Over the years the Homer Council on the Arts has become known both for its encouragement of young and emerging artists and its willingness to collaborate with other nonprofits in themed art shows. An exhibit this month, the Disability Arts Show, brings together both elements.
For the show that opened last Friday, the council teamed up with Total Recreation and Independent Living Services, or TRAILS, a program of the Independent Living Center that helps people with disabilities enjoy nature and recreation. The artists are people whose lives have in some way been touched by disability either by personal experience or as a theme to explore.
At the First Friday opening, TRAILS Activity Facilitator Devony Lehner said she was pleased by the number of contributions — so much so that she had to scale back an area featuring artists Jim Welch and Eric David Behnke in order to accommodate everyone.
At the council’s gallery, walls and tables overflow with everything from fused glass, paintings and collages to objects like a painted prosthetic leg. Featuring art from youth to seniors, not everything is polished, but all the works show passion and commitment.
Each artist includes a statement about their experience with disability. Cindy Nelson, who does fused glass art, was diagnosed 19 years ago with multiple sclerosis and wrote that she moved to Alaska “for a better life while taking care of myself having MS.”
At the show she said that being in Homer has helped her deal with her illness. Through physical therapy and movement classes she has “rewired” her brain, for things like trying to make circles with her arms or learning how to walk again. First it was rough, but it got smoother, Nelson said.
“My legs can get weak, but I keep going,” she said. “Homer has taught me that.”
Nelson’s glass work, “Rewiring My Nerves,” shows leaf-shaped pieces tinted pale blue and brown against a dark blue background.
“This piece shows what the nerves look like in my brain while reconnecting, thereby rewiring my nerves,” she wrote in an artist statement.
Sadie Mae Millard has shown her work at group shows like Bunnell Street Arts Center’s 10×10 show. For the Disability Art show she used kitchen cabinet doors salvaged from a 1940s-era cabin in Ninilchik as her canvas. Millard removed the hardware and fixings, but the grooves and screw holes can be seen like healed scars. She said her friend Dan, the guy who gave her the doors, told her “If you take these cabinet doors, you’d better make them pretty.”
Her paintings of faces and bodies evoke the fluid technique of Marc Chagall, the crowd scenes of Henri Toulouse-Lautrec and the portraits of Pablo Picasso, some of the artists who inspired her.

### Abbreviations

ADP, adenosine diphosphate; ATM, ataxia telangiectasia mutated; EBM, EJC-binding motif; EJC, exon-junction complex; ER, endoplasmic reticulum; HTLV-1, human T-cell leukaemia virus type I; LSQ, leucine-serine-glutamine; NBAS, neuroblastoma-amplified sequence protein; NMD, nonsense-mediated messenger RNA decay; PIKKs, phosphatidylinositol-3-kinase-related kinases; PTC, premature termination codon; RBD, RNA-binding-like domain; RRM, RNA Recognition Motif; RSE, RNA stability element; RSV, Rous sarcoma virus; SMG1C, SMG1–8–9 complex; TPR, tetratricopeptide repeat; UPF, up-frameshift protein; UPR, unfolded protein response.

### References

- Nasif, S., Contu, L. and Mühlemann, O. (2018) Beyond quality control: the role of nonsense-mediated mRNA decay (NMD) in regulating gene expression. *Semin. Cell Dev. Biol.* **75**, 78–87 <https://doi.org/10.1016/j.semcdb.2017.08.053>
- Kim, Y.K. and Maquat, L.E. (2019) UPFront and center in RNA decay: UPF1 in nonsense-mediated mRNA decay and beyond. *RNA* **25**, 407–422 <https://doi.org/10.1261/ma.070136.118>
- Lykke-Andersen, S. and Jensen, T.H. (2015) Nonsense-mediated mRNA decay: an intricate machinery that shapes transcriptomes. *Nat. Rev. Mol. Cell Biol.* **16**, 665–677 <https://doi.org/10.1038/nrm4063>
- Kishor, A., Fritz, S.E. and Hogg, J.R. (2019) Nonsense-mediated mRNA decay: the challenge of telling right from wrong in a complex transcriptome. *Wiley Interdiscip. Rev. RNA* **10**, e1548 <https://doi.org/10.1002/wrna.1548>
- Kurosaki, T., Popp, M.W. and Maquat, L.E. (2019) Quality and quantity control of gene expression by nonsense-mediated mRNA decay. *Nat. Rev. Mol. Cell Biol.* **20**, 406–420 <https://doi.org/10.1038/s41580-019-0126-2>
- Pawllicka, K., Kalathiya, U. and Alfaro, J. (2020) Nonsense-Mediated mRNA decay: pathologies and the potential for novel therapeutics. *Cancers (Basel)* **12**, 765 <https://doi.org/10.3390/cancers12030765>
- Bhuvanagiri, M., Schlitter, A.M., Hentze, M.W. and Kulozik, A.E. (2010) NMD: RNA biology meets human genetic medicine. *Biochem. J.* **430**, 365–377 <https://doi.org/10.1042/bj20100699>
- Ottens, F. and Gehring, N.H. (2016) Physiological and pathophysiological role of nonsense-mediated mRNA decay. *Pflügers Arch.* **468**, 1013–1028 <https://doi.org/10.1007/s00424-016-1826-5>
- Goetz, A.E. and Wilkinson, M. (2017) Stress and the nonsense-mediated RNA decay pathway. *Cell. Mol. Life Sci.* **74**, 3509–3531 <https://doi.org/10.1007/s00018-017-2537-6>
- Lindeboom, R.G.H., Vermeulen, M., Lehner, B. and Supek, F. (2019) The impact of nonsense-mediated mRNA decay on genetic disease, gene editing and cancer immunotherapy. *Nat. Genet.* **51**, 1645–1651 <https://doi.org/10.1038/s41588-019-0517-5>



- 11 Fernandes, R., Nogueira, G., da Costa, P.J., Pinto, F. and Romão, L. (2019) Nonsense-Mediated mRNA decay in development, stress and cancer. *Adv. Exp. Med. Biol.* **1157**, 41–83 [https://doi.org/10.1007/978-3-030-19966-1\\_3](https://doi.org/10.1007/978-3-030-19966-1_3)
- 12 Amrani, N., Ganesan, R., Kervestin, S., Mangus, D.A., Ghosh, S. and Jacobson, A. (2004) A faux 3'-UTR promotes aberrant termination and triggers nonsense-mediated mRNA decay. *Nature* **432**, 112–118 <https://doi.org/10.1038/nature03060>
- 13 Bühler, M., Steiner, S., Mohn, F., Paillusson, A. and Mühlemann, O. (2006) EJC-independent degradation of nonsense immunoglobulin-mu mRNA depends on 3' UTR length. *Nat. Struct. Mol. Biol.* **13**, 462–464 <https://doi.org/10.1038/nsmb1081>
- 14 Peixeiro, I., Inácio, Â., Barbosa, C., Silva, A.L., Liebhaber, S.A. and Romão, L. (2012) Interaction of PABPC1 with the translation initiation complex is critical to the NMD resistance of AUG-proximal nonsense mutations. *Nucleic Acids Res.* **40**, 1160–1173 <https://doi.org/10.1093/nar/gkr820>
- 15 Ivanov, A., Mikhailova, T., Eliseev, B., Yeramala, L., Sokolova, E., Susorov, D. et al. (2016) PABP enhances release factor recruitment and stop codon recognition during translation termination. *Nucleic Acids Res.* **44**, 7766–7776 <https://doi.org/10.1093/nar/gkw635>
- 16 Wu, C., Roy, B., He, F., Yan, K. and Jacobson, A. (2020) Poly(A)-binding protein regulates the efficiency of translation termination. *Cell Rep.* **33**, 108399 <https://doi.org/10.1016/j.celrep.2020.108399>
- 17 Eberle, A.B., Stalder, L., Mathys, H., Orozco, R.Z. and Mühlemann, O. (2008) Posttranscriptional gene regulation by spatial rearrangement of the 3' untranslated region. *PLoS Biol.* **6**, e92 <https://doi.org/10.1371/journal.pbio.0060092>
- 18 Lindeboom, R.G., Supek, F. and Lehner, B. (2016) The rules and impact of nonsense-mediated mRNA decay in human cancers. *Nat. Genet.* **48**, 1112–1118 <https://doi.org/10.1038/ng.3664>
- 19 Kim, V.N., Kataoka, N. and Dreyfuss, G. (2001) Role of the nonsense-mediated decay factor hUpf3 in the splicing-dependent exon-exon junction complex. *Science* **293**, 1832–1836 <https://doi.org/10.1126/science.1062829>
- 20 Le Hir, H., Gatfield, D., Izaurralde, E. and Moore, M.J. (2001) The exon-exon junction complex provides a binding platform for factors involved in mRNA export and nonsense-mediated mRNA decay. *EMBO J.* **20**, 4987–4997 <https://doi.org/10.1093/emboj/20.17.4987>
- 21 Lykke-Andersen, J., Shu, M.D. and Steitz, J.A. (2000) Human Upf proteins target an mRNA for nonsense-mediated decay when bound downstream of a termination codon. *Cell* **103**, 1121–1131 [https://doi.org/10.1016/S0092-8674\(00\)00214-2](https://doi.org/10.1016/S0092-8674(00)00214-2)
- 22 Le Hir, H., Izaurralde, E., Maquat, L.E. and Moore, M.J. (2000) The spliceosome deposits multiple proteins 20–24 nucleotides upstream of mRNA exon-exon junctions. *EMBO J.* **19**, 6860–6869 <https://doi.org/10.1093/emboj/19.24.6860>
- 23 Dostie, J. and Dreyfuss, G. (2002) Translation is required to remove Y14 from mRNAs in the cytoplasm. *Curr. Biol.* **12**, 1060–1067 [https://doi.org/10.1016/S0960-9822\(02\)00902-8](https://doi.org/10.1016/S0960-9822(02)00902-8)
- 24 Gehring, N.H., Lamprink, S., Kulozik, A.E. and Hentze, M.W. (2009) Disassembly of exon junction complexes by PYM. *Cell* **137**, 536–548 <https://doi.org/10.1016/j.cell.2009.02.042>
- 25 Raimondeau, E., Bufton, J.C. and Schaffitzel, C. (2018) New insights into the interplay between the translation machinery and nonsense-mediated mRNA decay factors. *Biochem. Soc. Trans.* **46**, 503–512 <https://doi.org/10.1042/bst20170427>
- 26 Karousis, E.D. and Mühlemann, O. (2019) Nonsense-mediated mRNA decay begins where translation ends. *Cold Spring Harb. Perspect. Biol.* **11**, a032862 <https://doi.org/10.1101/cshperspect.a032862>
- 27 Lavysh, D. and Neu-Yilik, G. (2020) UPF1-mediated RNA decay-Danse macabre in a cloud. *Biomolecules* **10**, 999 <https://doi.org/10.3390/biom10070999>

“Those artists make me feel normal,” Millard said.
Millard said the movement of the grain in the wood provided a pattern for her work.
“I used that. It’s a template for me,”she said. “As I layer on layer I see the picture. The wood tells the story.”
Millard said she’s been affected by post-traumatic stress disorder as well as surgery.
“I do it for the therapy,” she said of her art. “For me to relinquish bad memories, live in a freer mind, I put it in my art work. … I love art. It’s a beautiful thing and saved my sanity. … Even when I’m sad and mad at life, I have this.”
For some artists, “disability” isn’t necessarily obvious, like being in a wheelchair or losing a leg. At the First Friday opening, artist Cora Trowbridge gave a talk about how some disabilities can be invisible, like anxiety or depression.
“Had you not known this was a reality for this person, would you have been able to tell at first glance?” she said at her talk.
Trowbridge’s art includes poetry and a mask and collage, “Behind the Mask.” In her artist’s statement, she wrote that she experiences a disability largely invisible, nonverbal learning disorder, or NVLD. It has characteristics of autism and Asperger’s and affects her ability to read social cues and nonverbal communication such as body language, tone and facial expressions. She also writes that she sometimes has delays in language processing so that she hears and decodes more slowly than some people.
“I have been very blessed to have many people who have focused more on my gifts and who I am as a person rather than strictly on the label itself,” she wrote in her statement. “I strive for acceptance just as any human. We all have life areas where we struggle. Sometimes these are obvious; others, they are not. However, none of us want to be known simply for thos struggles. We are all so much more.”
That’s a sentiment echoed by Nelson that she said she heard from other artists.
“I have MS, but MS does not have me,” Nelson said.
All works at the Disability Art Show are on sale either for a set price or in a silent auction. The silent auction ends with a closing reception from 3-5 p.m. Saturday, March 28, with live music and refreshments.
In conjunction with the show, Homer Council on the Arts also offers an art workshop from 2-4 p.m. next Wednesday, March 18, with rock painting, wheelchair decorating and more. The workshop is $10 a child, $15 for two siblings or $20 for a family.
Reach Michael Armstrong at email@example.com.